Purple nutsedge (Cyperus rotundus L.) competition with cotton: Species biology and effects of proportion, density, and moisture
AdvisorMcCloskey, William B.
MetadataShow full item record
PublisherThe University of Arizona.
RightsCopyright © is held by the author. Digital access to this material is made possible by the University Libraries, University of Arizona. Further transmission, reproduction or presentation (such as public display or performance) of protected items is prohibited except with permission of the author.
AbstractGreenhouse and field experiments were conducted to determine how proximity factors and water stress interact to influence competition between purple nutsedge and upland cotton. Purple nutsedge produced more total dry weight than cotton in wet conditions but produced less or similar total dry weight in dry conditions. Cotton's ability to extract water from greater soil depth and maintain a high rate of photosynthesis during water stress enabled it to maintain higher RGR (relative growth rate), LAR (leaf area ratio), and leaf expansion than nutsedge. Absolute growth rate (AGR), initial propagule weight, and early shoot production were important parameters for purple nutsedge competition with cotton. Moisture stress affected the relative importance of intraspecific and interspecific competition between species in both greenhouse and field experiments. intraspecific competition was more important than interspecific competition in determining cotton biomass production in wet conditions but drier conditions further reduced the relative importance of interspecific competition. The results of all experiments indicate that greenhouse addition series competition experiments can be applicable to field conditions provided the experimental design takes into account the biological characteristics of the species being studied. Pot size had a large influence on intra- and interspecific competition between purple nutsedge and cotton. In greenhouse experiments, physiological measurements were initiated one hour after irrigation and repeated every 2 h throughout the day. One hour after the cessation of water stress, the photosynthetic rates of both species increased, but photosynthesis recovered faster in cotton than in purple nutsedge. The faster recovery of photosynthesis in cotton was probably due to the osmotic adjustment that occurred in cotton leaves that protected enzymes and other cellular components during water stress. In additive field experiments, seed cotton yield was reduced because the number of harvestable bolls m⁻¹ was reduced as purple nutsedge density increased. Yield was also reduced by cotton seedling death at the highest nutsedge density. The interference of purple nutsedge with cotton cannot be reduced through water management alone. But, based on the growth characteristics of indeterminate cotton varieties, we suggest that delaying the first post-planting irrigation of some cotton varieties could reduce the competition of purple nutsedge with cotton without affecting final seed cotton yield.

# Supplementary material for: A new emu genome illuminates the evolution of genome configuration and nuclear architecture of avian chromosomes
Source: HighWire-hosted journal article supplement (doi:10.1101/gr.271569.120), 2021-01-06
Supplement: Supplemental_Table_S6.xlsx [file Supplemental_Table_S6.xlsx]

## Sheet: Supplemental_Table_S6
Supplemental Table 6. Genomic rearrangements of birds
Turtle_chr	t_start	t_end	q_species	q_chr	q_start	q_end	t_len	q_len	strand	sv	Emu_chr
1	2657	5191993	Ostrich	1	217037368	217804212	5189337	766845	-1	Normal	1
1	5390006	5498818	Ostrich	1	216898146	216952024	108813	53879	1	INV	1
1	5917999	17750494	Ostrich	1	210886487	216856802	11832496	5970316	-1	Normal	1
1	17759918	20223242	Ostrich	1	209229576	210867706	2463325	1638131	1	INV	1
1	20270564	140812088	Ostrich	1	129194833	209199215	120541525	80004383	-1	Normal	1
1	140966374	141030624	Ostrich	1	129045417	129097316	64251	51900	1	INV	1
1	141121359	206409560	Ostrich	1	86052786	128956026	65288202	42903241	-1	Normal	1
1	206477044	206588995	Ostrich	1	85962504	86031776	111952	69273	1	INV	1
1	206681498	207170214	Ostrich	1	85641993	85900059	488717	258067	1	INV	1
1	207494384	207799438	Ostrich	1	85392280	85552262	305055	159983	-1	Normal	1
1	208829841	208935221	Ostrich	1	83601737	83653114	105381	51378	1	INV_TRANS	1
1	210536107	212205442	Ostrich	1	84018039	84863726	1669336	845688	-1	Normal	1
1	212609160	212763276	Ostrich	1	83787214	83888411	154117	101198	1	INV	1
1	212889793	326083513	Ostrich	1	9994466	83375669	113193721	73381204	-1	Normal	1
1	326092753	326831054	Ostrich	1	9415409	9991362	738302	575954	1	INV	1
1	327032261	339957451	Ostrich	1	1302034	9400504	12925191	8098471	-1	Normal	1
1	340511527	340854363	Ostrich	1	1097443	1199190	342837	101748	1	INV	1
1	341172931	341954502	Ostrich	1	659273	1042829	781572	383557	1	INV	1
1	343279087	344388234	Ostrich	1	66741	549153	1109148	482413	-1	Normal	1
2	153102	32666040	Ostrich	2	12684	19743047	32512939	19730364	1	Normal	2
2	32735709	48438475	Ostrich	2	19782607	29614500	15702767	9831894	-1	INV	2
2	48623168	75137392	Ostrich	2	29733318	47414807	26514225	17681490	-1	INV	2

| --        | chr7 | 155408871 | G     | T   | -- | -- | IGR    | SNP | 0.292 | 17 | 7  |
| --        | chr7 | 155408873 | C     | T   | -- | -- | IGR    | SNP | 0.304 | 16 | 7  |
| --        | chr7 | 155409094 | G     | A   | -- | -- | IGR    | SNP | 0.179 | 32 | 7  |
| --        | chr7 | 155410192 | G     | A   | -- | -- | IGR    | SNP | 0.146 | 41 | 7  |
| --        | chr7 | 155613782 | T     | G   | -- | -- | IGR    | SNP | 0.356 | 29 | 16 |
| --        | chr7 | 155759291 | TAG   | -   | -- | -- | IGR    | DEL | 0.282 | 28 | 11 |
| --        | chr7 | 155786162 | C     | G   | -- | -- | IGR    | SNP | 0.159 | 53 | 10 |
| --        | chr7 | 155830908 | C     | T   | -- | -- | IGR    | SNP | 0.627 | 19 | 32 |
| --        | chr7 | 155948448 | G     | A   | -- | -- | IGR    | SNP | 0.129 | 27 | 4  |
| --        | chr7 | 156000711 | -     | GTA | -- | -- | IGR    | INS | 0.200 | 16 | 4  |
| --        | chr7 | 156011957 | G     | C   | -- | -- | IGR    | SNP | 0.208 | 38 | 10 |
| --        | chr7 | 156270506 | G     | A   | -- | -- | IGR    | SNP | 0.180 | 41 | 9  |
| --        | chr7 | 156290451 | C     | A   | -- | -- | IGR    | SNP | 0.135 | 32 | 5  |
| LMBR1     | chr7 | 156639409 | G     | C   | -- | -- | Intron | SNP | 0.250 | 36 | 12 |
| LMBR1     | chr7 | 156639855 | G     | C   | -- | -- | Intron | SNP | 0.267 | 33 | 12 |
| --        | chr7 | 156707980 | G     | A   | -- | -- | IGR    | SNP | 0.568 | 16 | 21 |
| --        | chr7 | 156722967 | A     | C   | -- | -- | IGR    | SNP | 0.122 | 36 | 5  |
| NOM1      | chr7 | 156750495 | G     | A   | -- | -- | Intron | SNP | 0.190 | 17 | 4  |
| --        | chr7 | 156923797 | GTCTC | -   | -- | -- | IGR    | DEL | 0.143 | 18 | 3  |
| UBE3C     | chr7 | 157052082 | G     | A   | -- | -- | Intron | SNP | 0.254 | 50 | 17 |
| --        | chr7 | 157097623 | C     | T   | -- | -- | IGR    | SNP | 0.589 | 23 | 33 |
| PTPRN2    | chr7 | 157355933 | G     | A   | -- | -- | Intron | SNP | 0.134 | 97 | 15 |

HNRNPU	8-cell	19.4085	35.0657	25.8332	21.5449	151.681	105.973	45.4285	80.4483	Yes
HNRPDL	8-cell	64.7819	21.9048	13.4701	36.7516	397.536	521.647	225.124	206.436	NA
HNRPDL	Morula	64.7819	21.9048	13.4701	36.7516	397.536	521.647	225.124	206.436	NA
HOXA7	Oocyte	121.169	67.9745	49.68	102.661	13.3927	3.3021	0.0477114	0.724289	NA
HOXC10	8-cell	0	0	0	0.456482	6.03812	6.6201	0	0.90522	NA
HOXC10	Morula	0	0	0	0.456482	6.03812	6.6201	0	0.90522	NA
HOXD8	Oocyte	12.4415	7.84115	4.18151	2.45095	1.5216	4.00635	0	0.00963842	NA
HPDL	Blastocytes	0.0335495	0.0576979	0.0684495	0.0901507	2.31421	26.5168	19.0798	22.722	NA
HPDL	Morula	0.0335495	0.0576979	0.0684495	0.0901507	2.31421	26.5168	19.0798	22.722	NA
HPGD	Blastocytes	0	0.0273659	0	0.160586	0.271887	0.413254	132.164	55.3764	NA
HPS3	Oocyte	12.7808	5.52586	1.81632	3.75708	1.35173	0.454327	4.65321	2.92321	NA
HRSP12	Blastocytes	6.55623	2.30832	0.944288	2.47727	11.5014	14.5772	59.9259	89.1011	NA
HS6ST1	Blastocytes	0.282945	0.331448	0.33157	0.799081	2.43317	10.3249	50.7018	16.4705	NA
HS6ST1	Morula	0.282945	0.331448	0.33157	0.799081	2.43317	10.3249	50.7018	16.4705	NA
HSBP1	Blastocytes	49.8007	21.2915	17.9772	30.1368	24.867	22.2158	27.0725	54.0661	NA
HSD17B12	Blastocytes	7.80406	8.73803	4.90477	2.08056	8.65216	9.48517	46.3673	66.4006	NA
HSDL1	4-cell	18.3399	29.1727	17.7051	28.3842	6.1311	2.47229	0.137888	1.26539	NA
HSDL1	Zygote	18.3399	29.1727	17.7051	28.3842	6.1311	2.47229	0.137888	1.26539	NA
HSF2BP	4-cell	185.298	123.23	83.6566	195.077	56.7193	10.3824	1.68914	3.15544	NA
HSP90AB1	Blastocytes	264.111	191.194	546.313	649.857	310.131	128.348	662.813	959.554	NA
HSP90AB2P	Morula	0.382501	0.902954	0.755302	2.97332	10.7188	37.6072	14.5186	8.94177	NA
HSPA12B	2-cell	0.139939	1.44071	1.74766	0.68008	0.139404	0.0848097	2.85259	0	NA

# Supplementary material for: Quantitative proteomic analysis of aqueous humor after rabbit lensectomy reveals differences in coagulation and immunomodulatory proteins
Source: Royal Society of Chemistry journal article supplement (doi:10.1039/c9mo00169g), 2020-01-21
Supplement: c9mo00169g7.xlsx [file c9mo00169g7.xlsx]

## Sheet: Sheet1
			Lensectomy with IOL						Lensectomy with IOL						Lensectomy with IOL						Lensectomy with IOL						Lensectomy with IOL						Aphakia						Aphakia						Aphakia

Degree ProgramGraduate College